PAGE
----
Posted in sewing

From moulage to custom dress form: I finally finished the project!

img_3860There’s nothing like a customized dress form that reflects your body precisely back to you to make you feel a bit like a real designer. I’d like to think that now that I have finally finished my customization project that everything I sew for myself from here on in will fit better. We’ll see. Anyway, I finally have Gloria Junior finished and what a work of art she is! When I wrote about my doppelgänger before as I began this project, I came to terms with looking objectively at my own figure and accepting that this is who I am. Now that she’s finished, I’m even happier with what I see.

I’m by no means the first sewer to do a project like this. And indeed there are more way to get to this point than I could have imagined when I began. On their web site, Threads magazine has a slide show of “9 ways to customize your dress form”[1] which was one of the first pieces of research I hit on when I started this. There’s the duct-tape approach where you wrap yourself with duct tape and then cut yourself out (presumably with a helper), ditto for the paper tape method; the paper maché approach which seems excessively messy. The rest all seem to be variations on these ones. None of them appealed to me, but they are certainly faster and probably cheaper than the method I chose.

As I wrote about previously when I started this project, I decided to use the moulage I created on the road to a custom bodice block (sloper) for designing my own patterns, as the basis for my custom dress form.

I started with Gloria Junior, my adjustable dress form whose adjustments never really did capture the nuances of the hollows and bumps of my body. If I dialed her out to fit one part, she was then too big in another, but I soldiered on. Then came the moulage.

I started by dialing her back down so that she reflected the smallest part of me (the under-bust area as it turns out), then proceeded to pad up the other places.

After installing a separating zipper down the back of the moulage (as I discussed in the first pot on this subject), with the help of my doctor-husband who has a stash of ace bandages, gauze tape and bandage tape, we secured three sets of shoulder pads in the bust area and filled in the hollows with quilt batting. I had originally placed one set of shoulder pads where shoulder pads are meant to be: on the shoulders. However, that raised the shoulders so much that the neck ws off – so I had to improvise. Once we had her stuffed, it was time to think about how she would be covered.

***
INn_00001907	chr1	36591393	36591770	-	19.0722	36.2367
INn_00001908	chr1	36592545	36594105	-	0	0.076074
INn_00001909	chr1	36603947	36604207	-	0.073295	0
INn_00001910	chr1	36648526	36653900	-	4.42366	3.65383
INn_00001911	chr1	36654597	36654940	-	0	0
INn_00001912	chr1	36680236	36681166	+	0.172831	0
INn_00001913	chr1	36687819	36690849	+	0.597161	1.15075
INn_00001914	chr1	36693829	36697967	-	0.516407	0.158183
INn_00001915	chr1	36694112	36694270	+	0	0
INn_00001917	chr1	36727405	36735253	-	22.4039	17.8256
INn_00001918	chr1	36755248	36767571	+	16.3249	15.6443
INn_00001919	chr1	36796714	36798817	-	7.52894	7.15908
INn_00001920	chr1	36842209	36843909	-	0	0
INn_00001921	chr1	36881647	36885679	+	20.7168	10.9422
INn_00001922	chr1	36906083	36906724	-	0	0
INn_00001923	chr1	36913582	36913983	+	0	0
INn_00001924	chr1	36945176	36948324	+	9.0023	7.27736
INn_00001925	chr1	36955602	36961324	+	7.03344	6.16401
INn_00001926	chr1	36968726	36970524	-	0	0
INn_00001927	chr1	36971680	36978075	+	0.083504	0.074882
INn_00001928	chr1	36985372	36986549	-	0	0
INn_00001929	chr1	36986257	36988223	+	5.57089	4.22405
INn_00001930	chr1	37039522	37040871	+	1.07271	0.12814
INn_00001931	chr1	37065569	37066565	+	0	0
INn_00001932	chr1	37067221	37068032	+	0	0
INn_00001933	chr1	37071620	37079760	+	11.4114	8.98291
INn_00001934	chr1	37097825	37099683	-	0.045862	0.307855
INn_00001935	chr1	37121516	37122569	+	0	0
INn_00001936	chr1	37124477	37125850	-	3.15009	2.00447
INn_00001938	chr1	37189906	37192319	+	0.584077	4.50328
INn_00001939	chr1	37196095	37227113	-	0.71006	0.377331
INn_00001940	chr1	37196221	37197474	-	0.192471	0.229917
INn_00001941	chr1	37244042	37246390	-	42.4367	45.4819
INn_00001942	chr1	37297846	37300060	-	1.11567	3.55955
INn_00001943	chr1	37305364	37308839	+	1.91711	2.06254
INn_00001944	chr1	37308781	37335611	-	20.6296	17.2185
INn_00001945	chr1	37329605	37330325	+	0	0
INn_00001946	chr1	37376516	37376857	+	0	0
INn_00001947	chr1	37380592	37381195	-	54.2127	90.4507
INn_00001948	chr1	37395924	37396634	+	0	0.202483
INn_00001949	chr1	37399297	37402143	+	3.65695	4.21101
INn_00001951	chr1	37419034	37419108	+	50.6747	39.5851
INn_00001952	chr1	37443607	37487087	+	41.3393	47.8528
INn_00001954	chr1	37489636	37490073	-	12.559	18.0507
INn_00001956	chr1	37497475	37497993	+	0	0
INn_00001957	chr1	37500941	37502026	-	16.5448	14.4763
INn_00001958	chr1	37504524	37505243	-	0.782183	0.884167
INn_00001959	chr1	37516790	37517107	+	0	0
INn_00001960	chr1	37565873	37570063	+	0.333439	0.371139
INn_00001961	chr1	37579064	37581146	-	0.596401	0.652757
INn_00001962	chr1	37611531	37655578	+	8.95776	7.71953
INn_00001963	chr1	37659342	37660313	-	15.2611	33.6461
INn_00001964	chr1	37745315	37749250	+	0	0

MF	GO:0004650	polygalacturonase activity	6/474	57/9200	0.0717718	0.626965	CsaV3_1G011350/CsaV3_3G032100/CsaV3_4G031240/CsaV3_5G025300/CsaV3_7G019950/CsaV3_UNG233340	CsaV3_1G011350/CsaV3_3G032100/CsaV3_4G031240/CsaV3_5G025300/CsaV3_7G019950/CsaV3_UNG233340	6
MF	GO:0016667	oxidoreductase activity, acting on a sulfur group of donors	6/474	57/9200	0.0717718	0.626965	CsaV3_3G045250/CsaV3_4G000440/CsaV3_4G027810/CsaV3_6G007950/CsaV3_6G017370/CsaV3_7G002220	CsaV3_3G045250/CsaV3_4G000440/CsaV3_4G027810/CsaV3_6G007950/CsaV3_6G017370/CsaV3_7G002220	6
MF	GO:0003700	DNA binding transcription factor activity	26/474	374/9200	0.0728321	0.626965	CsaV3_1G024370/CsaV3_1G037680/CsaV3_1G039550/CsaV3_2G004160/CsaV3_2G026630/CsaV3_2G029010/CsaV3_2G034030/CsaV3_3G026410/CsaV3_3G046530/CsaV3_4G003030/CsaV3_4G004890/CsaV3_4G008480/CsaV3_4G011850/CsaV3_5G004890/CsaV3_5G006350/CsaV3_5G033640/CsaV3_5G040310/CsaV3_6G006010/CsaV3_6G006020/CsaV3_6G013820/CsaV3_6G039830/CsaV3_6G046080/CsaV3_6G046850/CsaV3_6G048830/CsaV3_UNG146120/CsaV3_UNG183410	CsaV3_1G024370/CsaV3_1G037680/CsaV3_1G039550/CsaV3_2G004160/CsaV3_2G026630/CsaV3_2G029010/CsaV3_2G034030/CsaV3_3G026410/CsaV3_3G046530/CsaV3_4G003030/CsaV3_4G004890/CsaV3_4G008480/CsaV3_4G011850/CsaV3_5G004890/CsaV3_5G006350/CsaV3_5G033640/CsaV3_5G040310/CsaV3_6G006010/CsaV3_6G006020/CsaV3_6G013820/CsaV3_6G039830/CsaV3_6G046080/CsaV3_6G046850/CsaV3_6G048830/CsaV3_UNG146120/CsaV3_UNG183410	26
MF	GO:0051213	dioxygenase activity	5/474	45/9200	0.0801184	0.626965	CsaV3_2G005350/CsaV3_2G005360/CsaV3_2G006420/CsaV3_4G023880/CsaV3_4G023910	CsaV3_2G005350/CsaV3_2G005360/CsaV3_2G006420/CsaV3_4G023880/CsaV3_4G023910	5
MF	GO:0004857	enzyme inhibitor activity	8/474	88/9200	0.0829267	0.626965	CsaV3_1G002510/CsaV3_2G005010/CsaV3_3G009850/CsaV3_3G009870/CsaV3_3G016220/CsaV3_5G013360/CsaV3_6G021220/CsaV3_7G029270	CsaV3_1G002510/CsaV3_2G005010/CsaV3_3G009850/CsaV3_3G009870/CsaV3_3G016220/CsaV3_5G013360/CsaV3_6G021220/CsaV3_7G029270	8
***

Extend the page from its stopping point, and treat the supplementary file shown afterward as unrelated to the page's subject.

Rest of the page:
Several wonderful bloggers[2] have gone before me and created little patterns for what has been described as the “easy-peasy” way to cover your mannequin. Well, I am the queen of making the simplest sewing task difficult, and this was no exception.

First, I wanted to ensure that the pin cushion at the top of the dress form was still available to me, so there had to be a hole at the top. Then I didn’t like how the neck wasn’t properly contoured which was the same problem at the waist. So I had to manipulate the lovely little pattern, tweaking the final product by hand.

Some people choose light colours for their forms, reflecting a belief that flesh-toned forms will better show the eventual garments. For me, however, black is just so slimming, n’est ce pas? And besides, I had a length of black jersey just the right size kicking around.

So there she sits in all her glory, waiting for me to begin another project – which I fully intend to do as soon as we return from our upcoming fall road trip to the east coast. See you on the other side.

[1] http://www.threadsmagazine.com/item/37187/9-ways-to-make-a-custom-dress-form

[2] http://www.crafterhoursblog.com/2014/05/slipcover-your-dress-form.html; http://www.dominicancooking.com/9331-making-a-cover-for-a-dressform.html

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Posted in sewing, Style

Facing my doppelgänger: The dress form customization continues

wire mannequinsA few years ago I read an article reporting on a study whose results suggested that we are now experiencing a veritable epidemic of body image and consequent eating disorders among older women. The seriousness of it seemed a bit worrying, but the underlying message that it was shocking was a bit beyond the pale.

Imagine the shock! Women in their 70’s and 80’s concerned about their bodies! Concerned about how they look! OMG of course they care! I’m not quite to that age yet, but age does creep up even faster the older we get – or so it seems anyway. The truth is that, of course, excessive concern about body image and self-esteem that combine to result in disordered anything, is a problem. The fact that women continue to want to look good is to be expected. Then we (I) face reality: my body staring back at me in the form of that mannequin I’m hell bent on customizing.